A research team from the Complexity Science Hub and the Medical University of Vienna (Austria) analyzed 180,034 patients with diabetes and found evidence that women are at higher risk of VTE than men, especially during perimenopause. Overall, a huge amount of study has been done…
A research team from the Complexity Science Hub and the Medical University of Vienna (Austria) analyzed 180,034 patients with diabetes and found evidence that women are at higher risk of VTE than men, especially during perimenopause.
In total, data from approximately 45 million hospitalizations and 7,239,710 patients were studied in Austria between 2003 and 2014.
,Our analyzes show for the first time that diabetes mellitus may be associated with venous thromboembolism (VTE) to a greater extent in women than in men.“, explained elma derwickDell Complexity Science Hub.
Women with diabetes mellitus (DM) also have a 1.52 times higher risk of developing VTE than women without DM. On the other hand, the risk for men is only 1.3 times higher.
,From the age of 40, in particular, the relative risk of VTE increases“, Understand carola deschinger, one of the authors. According to the results of the study published in the scientific journal Diabetes Research and Clinical Practice, the effect is greater in women between the ages of 50 and 59, where the risk is 1.65 times greater.
To determine the gender-specific effect of diabetes mellitus on VTE risk, the team examined a population-based data set. With approximately 45 million data records, it covers all hospital stays in Austria between 2003 and 2014. Of the 180,034 DM patients, 70,739 were female and 109,295 were male.
Venous thromboembolism (VTE) includes two clinical conditions: deep vein thrombosis and pulmonary artery embolism, the latter being a dangerous complication of thrombosis. In general, the risk of developing venous thromboembolism is more or less the same in both sexes.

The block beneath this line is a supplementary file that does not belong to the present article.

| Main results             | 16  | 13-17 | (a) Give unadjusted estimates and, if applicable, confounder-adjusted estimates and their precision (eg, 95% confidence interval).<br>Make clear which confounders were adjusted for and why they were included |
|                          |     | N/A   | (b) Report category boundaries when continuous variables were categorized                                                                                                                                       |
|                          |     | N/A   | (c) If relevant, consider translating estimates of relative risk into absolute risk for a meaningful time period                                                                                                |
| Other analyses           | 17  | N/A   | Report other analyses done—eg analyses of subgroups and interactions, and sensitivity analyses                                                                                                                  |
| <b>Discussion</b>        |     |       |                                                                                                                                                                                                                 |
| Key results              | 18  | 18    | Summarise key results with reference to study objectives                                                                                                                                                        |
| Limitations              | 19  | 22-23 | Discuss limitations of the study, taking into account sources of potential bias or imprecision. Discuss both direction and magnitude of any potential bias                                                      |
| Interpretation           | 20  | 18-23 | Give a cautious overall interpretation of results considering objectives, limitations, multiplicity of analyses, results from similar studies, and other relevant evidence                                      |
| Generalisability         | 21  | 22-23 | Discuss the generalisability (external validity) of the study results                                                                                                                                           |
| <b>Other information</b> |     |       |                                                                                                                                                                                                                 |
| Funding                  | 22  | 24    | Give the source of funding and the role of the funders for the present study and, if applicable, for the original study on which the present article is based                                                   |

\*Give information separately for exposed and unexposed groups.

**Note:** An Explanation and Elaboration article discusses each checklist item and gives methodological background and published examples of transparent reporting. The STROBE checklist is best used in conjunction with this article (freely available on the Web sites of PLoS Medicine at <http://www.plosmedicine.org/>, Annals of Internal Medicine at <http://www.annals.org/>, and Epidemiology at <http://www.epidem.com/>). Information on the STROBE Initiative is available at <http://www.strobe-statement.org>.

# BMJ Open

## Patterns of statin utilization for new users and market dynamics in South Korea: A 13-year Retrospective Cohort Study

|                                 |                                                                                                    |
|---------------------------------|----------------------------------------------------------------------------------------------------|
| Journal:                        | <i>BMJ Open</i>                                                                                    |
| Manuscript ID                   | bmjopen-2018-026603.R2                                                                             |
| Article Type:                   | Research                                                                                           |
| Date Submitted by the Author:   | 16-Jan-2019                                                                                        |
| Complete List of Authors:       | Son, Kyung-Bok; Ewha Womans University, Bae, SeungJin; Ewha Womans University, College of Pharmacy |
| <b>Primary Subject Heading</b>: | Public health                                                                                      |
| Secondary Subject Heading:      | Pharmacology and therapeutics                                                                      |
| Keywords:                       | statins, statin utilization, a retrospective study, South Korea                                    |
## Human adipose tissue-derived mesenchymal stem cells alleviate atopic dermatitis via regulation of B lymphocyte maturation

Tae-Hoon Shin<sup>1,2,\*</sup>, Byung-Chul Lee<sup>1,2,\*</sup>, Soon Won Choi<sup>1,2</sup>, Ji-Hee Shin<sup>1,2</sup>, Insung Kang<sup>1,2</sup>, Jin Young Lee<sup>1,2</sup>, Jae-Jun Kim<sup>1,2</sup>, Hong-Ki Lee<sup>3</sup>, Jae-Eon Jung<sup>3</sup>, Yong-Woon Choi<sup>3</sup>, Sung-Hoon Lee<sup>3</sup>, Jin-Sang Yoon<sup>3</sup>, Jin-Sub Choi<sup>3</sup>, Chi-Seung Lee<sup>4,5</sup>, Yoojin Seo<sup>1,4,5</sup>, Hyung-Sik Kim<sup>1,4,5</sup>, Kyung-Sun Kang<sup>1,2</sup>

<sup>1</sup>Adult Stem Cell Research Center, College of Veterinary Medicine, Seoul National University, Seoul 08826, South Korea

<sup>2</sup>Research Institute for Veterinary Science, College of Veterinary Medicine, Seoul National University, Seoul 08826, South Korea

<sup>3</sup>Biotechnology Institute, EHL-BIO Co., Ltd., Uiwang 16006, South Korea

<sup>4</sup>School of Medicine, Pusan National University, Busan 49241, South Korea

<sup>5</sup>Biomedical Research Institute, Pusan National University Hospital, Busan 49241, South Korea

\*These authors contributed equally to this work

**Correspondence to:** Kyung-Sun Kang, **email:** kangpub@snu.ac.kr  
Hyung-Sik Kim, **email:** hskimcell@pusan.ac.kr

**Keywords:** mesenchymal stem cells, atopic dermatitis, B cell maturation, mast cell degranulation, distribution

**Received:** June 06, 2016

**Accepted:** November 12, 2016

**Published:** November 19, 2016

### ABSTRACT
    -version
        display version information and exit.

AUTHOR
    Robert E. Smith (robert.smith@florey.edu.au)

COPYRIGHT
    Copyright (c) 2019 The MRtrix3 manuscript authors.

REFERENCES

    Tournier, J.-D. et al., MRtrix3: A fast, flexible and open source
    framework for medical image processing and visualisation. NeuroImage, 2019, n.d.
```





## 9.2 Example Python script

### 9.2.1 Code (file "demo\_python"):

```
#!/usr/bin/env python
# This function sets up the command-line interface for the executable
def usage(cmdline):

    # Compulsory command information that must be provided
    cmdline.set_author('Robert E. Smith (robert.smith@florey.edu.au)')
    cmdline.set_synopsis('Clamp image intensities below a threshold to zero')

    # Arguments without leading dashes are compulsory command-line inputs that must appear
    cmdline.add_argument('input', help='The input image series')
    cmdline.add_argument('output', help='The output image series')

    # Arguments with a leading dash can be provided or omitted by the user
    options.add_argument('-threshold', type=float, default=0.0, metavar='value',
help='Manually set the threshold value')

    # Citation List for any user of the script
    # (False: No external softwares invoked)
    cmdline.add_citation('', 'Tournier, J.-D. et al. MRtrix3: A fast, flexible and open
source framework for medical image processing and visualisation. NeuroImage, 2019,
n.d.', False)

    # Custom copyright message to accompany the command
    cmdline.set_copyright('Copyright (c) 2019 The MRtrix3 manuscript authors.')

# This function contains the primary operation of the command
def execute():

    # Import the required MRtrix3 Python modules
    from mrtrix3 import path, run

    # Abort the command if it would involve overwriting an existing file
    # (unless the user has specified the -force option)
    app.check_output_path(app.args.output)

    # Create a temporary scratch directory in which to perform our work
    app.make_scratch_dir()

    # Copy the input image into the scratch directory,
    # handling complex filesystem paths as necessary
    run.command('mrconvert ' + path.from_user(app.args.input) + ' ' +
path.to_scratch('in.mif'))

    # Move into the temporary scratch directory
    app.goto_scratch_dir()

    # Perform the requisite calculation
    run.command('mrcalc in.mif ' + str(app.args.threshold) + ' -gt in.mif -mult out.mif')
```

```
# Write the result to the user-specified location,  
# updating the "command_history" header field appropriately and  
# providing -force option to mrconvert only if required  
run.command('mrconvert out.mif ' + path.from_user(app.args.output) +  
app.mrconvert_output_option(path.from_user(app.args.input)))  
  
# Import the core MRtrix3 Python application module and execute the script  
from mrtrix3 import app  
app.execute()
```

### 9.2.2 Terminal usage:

Diabetes mellitus, a chronic disease affecting more than eight percent of the world’s population, is known to be a risk factor for VTE. ,In our study, we again found a 1.4-fold higher risk of VTE in patients with diabetes mellitus than in the control group without diabetes mellitus.Derwick says.
Novelty has a gender aspect. While conventional treatment methods can hardly account for gender-specific differences in many diseases,”Today we already know a lot about it, thanks to great research efforts and Big Data analytics.Derwick says.
As a result, these differences can be analyzed in detail and treatments can be adjusted accordingly. This study was preceded by two other studies that addressed gender-specific differences of patients with diabetes in the expression of depression, on the one hand, and Parkinson’s disease, on the other. In this case, a significant difference was also observed on the basis of gender.